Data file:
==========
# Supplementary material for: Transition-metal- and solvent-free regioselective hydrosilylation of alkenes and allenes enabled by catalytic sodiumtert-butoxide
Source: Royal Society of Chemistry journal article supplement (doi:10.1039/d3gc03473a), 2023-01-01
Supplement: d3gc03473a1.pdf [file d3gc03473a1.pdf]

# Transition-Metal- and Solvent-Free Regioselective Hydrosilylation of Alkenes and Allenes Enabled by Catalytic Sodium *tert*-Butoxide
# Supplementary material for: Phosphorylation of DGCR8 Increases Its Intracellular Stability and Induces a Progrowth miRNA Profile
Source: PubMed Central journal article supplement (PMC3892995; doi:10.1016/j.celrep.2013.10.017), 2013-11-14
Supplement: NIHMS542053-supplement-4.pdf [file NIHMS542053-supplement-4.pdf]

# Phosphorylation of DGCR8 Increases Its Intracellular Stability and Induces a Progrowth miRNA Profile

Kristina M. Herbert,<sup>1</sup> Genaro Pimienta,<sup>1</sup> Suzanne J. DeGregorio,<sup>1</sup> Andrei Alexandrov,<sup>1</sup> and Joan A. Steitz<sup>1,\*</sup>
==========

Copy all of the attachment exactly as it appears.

# Supplementary material for: Transition-metal- and solvent-free regioselective hydrosilylation of alkenes and allenes enabled by catalytic sodiumtert-butoxide
Source: Royal Society of Chemistry journal article supplement (doi:10.1039/d3gc03473a), 2023-01-01
Supplement: d3gc03473a1.pdf [file d3gc03473a1.pdf]

# Transition-Metal- and Solvent-Free Regioselective Hydrosilylation of Alkenes and Allenes Enabled by Catalytic Sodium *tert*-Butoxide
# Supplementary material for: Phosphorylation of DGCR8 Increases Its Intracellular Stability and Induces a Progrowth miRNA Profile
Source: PubMed Central journal article supplement (PMC3892995; doi:10.1016/j.celrep.2013.10.017), 2013-11-14
Supplement: NIHMS542053-supplement-4.pdf [file NIHMS542053-supplement-4.pdf]

# Phosphorylation of DGCR8 Increases Its Intracellular Stability and Induces a Progrowth miRNA Profile

Kristina M. Herbert,<sup>1</sup> Genaro Pimienta,<sup>1</sup> Suzanne J. DeGregorio,<sup>1</sup> Andrei Alexandrov,<sup>1</sup> and Joan A. Steitz<sup>1,\*</sup>